Hilary Haydon, Brother at Charterhouse
Unlike the hermit monks of the medieval priory that once stood upon this site, the current Brothers at the Charterhouse are a sociable bunch and thus I was able to pay a visit upon Hilary Haydon, the third-most senior Brother, who took me on a tour of the accommodation this week.
Seniority – in this instance – is based upon how long a Brother has been resident at the Charterhouse, not age. Yet Hilary has a rather more vivid way of expressing it. Gesturing to the pigeon holes for mail, he explained that as residents die the labels of those remaining get moved up. “You start here and then you move along, until you drop off the end,” he informed me with startling alacrity.
It made me realise that residence in the Charterhouse affects the Brothers’ sense of time – inhabiting these ancient stone walls induces a certain philosophical perspective upon mortality, setting the span of an individual’s life against the centuries of history that have passed here. It is both a consolation and an encouragement to recognise the beauty of the fleeting moment, as manifest in the immaculately-tended gardens alive with bluebells and tulips this week, and as illustrated upon the tomb of Thomas Sutton – the benefactor – by bubbles, symbolising the transitory nature of fame.
Upon a bright spring day, I crossed the wide lawn that sets the Charterhouse apart from the clamour of Smithfield, aware that my diagonal path, bisecting the velvet greensward, passed over the largest plague pit in the City of London in which sixty-thousand victims of the Black Death were interred. Arriving at the entrance, I cast my eyes up to the fifteenth century gatehouse of the former Carthusian Priory. Henry VIII met with greater resistance from the monks here than any other religious order and thus he had John Houghton, the prior, cut in four and his right arm nailed to the door.
Yet this grim history seemed an insubstantial dream, as I entered to discover Hilary Haydon waiting in the gatehouse to greet me and looking rather dapper in a linen jacket, ideally suiting the warmth of the April afternoon. He led me along stone passages and into hidden courtyards, through the cloisters and the Great Hall and the chapel, with its flamboyant monument of fairground showiness for Thomas Sutton.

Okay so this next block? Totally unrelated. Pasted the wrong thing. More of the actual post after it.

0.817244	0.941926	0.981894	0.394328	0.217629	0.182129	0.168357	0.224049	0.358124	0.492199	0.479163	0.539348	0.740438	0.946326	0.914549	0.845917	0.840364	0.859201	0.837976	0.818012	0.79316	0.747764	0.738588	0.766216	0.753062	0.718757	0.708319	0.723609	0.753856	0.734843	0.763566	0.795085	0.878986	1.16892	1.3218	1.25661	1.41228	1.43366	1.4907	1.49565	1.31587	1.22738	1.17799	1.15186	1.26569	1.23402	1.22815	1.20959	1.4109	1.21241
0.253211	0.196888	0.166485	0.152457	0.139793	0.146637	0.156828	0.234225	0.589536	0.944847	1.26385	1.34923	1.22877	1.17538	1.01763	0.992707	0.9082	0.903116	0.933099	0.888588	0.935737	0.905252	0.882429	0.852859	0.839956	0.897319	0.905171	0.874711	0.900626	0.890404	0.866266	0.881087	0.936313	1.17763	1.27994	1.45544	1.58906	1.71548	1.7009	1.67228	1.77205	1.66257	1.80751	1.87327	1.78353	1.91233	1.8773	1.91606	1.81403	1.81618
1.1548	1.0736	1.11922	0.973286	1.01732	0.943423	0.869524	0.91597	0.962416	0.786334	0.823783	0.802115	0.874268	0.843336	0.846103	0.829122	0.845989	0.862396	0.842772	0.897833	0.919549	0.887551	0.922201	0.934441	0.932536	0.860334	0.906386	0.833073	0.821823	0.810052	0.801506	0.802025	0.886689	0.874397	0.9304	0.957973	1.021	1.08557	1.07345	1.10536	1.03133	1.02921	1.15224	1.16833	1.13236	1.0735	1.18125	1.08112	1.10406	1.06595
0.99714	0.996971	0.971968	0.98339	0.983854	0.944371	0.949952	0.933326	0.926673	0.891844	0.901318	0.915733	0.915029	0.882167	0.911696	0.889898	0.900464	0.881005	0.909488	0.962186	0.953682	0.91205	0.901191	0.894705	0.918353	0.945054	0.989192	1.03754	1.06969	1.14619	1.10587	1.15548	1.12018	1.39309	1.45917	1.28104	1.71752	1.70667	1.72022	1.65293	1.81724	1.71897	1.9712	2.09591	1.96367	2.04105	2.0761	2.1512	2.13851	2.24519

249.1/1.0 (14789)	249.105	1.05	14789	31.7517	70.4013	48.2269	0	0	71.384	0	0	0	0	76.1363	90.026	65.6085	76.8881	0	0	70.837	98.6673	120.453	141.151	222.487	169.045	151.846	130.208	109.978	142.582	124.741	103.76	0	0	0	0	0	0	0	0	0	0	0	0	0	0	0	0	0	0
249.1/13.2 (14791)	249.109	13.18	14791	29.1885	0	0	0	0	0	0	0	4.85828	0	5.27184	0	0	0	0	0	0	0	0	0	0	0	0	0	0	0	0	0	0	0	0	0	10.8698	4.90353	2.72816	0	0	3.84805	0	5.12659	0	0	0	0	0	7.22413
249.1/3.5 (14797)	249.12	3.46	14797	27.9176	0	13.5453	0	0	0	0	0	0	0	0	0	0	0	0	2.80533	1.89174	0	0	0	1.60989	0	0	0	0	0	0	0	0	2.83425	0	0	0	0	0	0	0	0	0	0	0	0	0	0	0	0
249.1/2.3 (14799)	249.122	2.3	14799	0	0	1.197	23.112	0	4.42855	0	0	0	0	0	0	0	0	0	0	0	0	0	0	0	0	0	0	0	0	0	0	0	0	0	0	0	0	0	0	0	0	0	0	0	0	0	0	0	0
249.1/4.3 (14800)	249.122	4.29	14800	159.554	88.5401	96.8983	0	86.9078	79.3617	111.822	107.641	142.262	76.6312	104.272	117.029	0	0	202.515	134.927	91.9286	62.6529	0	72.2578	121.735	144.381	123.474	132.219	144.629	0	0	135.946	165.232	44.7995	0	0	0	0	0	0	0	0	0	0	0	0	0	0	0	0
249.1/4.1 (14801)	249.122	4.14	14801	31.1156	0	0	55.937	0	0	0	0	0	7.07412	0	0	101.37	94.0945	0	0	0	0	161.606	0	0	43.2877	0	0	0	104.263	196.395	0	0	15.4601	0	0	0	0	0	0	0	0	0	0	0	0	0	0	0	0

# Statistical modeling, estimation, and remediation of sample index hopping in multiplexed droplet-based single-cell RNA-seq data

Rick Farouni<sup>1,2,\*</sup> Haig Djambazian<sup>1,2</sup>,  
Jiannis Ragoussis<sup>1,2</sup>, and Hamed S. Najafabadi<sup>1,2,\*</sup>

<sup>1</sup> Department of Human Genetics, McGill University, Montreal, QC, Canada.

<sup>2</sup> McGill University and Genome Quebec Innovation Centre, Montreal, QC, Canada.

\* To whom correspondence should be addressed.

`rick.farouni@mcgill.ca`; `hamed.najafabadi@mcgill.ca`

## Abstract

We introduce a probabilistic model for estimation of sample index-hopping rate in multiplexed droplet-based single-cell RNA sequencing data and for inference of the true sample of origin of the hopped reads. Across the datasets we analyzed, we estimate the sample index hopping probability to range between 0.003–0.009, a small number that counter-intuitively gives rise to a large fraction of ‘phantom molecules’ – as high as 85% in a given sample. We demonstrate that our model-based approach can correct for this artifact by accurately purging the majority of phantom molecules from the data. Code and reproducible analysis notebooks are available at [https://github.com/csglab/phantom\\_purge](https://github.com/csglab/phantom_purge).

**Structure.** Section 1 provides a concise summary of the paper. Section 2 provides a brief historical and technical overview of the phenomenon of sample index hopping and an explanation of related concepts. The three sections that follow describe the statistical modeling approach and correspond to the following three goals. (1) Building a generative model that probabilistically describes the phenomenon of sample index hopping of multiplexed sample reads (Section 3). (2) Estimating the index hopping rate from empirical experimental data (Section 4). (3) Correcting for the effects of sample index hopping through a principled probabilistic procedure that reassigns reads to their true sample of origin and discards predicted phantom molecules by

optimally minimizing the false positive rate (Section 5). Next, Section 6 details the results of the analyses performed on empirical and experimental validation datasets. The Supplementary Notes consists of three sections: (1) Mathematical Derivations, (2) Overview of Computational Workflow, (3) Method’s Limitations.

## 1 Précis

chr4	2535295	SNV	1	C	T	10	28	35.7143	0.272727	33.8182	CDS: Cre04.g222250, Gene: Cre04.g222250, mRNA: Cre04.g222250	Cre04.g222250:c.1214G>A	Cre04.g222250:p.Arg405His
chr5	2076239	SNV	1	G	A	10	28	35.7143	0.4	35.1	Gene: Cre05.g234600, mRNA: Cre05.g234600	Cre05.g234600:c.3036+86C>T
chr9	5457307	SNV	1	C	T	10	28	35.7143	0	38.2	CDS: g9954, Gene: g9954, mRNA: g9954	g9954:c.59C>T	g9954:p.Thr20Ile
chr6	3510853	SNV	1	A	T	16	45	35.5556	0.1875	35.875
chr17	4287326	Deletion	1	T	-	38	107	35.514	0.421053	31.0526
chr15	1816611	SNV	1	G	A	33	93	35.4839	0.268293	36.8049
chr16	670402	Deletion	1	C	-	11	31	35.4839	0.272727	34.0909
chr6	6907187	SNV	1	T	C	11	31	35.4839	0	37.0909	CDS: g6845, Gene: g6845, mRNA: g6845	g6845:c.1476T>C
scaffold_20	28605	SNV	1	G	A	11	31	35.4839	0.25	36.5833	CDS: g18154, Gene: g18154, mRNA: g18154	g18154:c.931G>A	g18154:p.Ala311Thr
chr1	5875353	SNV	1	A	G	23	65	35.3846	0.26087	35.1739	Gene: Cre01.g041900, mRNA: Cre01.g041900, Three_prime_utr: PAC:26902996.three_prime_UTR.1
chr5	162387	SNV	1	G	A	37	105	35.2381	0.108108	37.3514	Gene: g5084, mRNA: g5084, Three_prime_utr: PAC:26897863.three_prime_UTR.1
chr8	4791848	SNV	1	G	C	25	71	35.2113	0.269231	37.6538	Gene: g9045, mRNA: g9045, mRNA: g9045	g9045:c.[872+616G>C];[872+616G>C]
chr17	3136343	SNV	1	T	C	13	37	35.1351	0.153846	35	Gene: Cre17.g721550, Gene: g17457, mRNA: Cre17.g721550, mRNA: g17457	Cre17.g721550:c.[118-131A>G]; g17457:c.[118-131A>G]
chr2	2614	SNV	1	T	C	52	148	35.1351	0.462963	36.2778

My wonder at the quality, age and proportion of the architecture was compounded by my delight at the finely-conceived planting schemes of the gardens and it was not difficult to envisage this elaborate complex as a Renaissance palace, which it became for the Howard family through three generations until they sold it to Sutton in 1611. The wealthiest commoner in England, he endowed his fortune upon a school and almshouses here, entitled ‘King James’ Hospital in Charterhouse.’ Daniel Defoe described it as “the noblest gift that ever was given for charity, bu any one man, public or private, in this nation.”
Four centuries later, the school has moved out to Goldalming, leaving Smithfield in 1872, yet the almshouses still flourish – offering sheltered accommodation to forty Brothers. Formerly a barrister in the City, Hilary came here seventeen years ago when he became a widower. “I have never regretted it,” he assured me with an emphatic grin, “Meals appear, your room is cleaned and the community is supportive.” Hilary revealed to me that among the Brothers, there are solicitors, barristers and priests, as well as an actor currently understudying for ‘The Woman in Black,’ the stage manager of the original production of ‘Oliver!’ and – as we entered the refectory – he introduced a distinguished-looking gentleman as the ballet critic of The Sunday Times.
Each morning, the Brothers are woken by the chapel bell at ten to eight. “I use it as an alarm clock,” confessed Hilary in a whisper, “I attend chapel only for funerals and when I read the lesson.” Breakfast follows in the Great Hall at eight-twenty, succeeded by morning coffee at eleven, lunch at one and afternoon tea at three – and thus time is measured out in the benign conditions of the Charterhouse. “A very silent brother who sat next to me came into lunch one day and died beside me,” Hilary admitted, “As it happens, there was a doctor who was only at the other side of the table and he was across the table like lightning – it was a beautiful way to go.”
The fifteenth century gate to the monastery is encompassed by an eighteenth century structure
Doorway and cubby hole for passing food through at the entrance to the former priory, dissolved in the fifteen-forties and bricked up ever since.
Graffiti from the days this was the refectory for Charterhouse School
Chimney piece of the three graces and a chest that may have belonged to Thomas Sutton
The Great Hall
Bluebells and an ancient fig tree just coming into leaf at the entrance to the Charterhouse
Looking through to the chapel, with the relic of a door damaged an incendiary bomb
Thomas Sutton, the founder, has lain here for four centuries
Bubbles symbolise the futility of wordly fame
Vestments await the priest in the chapel
Graffiti carved by the bored schoolboys of the eighteen-fifties in the chapel
Note the spelling of “Clarkenwell” upon the memorial stone set into the floor
In the chapel
Eighteenth century dwelling built over the ancient gatehouse
Hilary Haydon in the cloister at the Charterhouse - “It’s always cool in here”